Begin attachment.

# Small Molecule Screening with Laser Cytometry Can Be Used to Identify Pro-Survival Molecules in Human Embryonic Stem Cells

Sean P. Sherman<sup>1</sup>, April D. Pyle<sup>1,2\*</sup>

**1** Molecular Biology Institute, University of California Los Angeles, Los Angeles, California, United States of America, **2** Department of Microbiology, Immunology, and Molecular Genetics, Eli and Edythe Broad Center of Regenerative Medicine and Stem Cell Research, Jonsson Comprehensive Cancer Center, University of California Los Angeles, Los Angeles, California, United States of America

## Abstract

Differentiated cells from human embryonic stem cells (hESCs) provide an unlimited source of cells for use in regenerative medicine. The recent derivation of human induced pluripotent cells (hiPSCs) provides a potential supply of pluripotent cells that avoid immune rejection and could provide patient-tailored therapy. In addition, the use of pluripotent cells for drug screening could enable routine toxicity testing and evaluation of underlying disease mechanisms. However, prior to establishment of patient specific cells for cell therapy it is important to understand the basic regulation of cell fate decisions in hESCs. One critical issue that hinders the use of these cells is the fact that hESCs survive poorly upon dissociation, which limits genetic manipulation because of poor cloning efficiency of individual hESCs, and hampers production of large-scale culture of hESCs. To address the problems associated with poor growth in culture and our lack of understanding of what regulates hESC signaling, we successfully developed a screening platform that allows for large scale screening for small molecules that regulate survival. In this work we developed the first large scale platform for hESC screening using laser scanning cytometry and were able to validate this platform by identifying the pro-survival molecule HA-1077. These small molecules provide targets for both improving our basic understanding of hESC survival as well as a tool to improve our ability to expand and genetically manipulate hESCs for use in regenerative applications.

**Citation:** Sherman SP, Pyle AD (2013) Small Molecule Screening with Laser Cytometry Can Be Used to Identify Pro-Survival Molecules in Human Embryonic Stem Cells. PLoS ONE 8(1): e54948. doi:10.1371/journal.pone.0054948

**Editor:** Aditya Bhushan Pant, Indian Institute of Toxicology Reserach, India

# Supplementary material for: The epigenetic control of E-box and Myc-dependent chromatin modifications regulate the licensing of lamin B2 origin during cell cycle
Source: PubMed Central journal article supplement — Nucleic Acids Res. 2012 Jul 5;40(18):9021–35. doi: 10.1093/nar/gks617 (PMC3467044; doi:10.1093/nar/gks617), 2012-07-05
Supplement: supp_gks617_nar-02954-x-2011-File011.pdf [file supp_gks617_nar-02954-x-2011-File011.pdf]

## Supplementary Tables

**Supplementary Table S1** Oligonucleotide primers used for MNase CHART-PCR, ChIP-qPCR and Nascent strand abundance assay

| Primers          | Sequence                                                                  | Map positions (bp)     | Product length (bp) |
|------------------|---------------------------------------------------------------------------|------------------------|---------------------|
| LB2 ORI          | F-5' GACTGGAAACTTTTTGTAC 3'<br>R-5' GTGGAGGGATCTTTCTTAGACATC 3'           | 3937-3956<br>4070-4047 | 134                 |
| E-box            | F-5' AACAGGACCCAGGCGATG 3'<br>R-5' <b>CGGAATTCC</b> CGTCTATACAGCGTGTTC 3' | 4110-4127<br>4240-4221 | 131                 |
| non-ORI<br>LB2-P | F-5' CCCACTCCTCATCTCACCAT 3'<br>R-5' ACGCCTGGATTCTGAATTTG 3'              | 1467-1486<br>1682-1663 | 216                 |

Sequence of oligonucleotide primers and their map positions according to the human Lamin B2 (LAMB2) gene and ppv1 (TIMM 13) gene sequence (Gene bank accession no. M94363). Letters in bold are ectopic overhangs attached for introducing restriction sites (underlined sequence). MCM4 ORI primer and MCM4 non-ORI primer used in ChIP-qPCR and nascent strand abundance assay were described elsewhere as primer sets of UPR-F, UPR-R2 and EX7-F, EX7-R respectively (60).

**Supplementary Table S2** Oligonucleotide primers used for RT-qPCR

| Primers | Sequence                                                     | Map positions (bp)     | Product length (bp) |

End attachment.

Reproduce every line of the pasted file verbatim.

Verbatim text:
# Small Molecule Screening with Laser Cytometry Can Be Used to Identify Pro-Survival Molecules in Human Embryonic Stem Cells

Sean P. Sherman<sup>1</sup>, April D. Pyle<sup>1,2\*</sup>

**1** Molecular Biology Institute, University of California Los Angeles, Los Angeles, California, United States of America, **2** Department of Microbiology, Immunology, and Molecular Genetics, Eli and Edythe Broad Center of Regenerative Medicine and Stem Cell Research, Jonsson Comprehensive Cancer Center, University of California Los Angeles, Los Angeles, California, United States of America

## Abstract

Differentiated cells from human embryonic stem cells (hESCs) provide an unlimited source of cells for use in regenerative medicine. The recent derivation of human induced pluripotent cells (hiPSCs) provides a potential supply of pluripotent cells that avoid immune rejection and could provide patient-tailored therapy. In addition, the use of pluripotent cells for drug screening could enable routine toxicity testing and evaluation of underlying disease mechanisms. However, prior to establishment of patient specific cells for cell therapy it is important to understand the basic regulation of cell fate decisions in hESCs. One critical issue that hinders the use of these cells is the fact that hESCs survive poorly upon dissociation, which limits genetic manipulation because of poor cloning efficiency of individual hESCs, and hampers production of large-scale culture of hESCs. To address the problems associated with poor growth in culture and our lack of understanding of what regulates hESC signaling, we successfully developed a screening platform that allows for large scale screening for small molecules that regulate survival. In this work we developed the first large scale platform for hESC screening using laser scanning cytometry and were able to validate this platform by identifying the pro-survival molecule HA-1077. These small molecules provide targets for both improving our basic understanding of hESC survival as well as a tool to improve our ability to expand and genetically manipulate hESCs for use in regenerative applications.

**Citation:** Sherman SP, Pyle AD (2013) Small Molecule Screening with Laser Cytometry Can Be Used to Identify Pro-Survival Molecules in Human Embryonic Stem Cells. PLoS ONE 8(1): e54948. doi:10.1371/journal.pone.0054948

**Editor:** Aditya Bhushan Pant, Indian Institute of Toxicology Reserach, India

# Supplementary material for: The epigenetic control of E-box and Myc-dependent chromatin modifications regulate the licensing of lamin B2 origin during cell cycle
Source: PubMed Central journal article supplement — Nucleic Acids Res. 2012 Jul 5;40(18):9021–35. doi: 10.1093/nar/gks617 (PMC3467044; doi:10.1093/nar/gks617), 2012-07-05
Supplement: supp_gks617_nar-02954-x-2011-File011.pdf [file supp_gks617_nar-02954-x-2011-File011.pdf]

## Supplementary Tables

**Supplementary Table S1** Oligonucleotide primers used for MNase CHART-PCR, ChIP-qPCR and Nascent strand abundance assay

| Primers          | Sequence                                                                  | Map positions (bp)     | Product length (bp) |
|------------------|---------------------------------------------------------------------------|------------------------|---------------------|
| LB2 ORI          | F-5' GACTGGAAACTTTTTGTAC 3'<br>R-5' GTGGAGGGATCTTTCTTAGACATC 3'           | 3937-3956<br>4070-4047 | 134                 |
| E-box            | F-5' AACAGGACCCAGGCGATG 3'<br>R-5' <b>CGGAATTCC</b> CGTCTATACAGCGTGTTC 3' | 4110-4127<br>4240-4221 | 131                 |
| non-ORI<br>LB2-P | F-5' CCCACTCCTCATCTCACCAT 3'<br>R-5' ACGCCTGGATTCTGAATTTG 3'              | 1467-1486<br>1682-1663 | 216                 |

Sequence of oligonucleotide primers and their map positions according to the human Lamin B2 (LAMB2) gene and ppv1 (TIMM 13) gene sequence (Gene bank accession no. M94363). Letters in bold are ectopic overhangs attached for introducing restriction sites (underlined sequence). MCM4 ORI primer and MCM4 non-ORI primer used in ChIP-qPCR and nascent strand abundance assay were described elsewhere as primer sets of UPR-F, UPR-R2 and EX7-F, EX7-R respectively (60).

**Supplementary Table S2** Oligonucleotide primers used for RT-qPCR

| Primers | Sequence                                                     | Map positions (bp)     | Product length (bp) |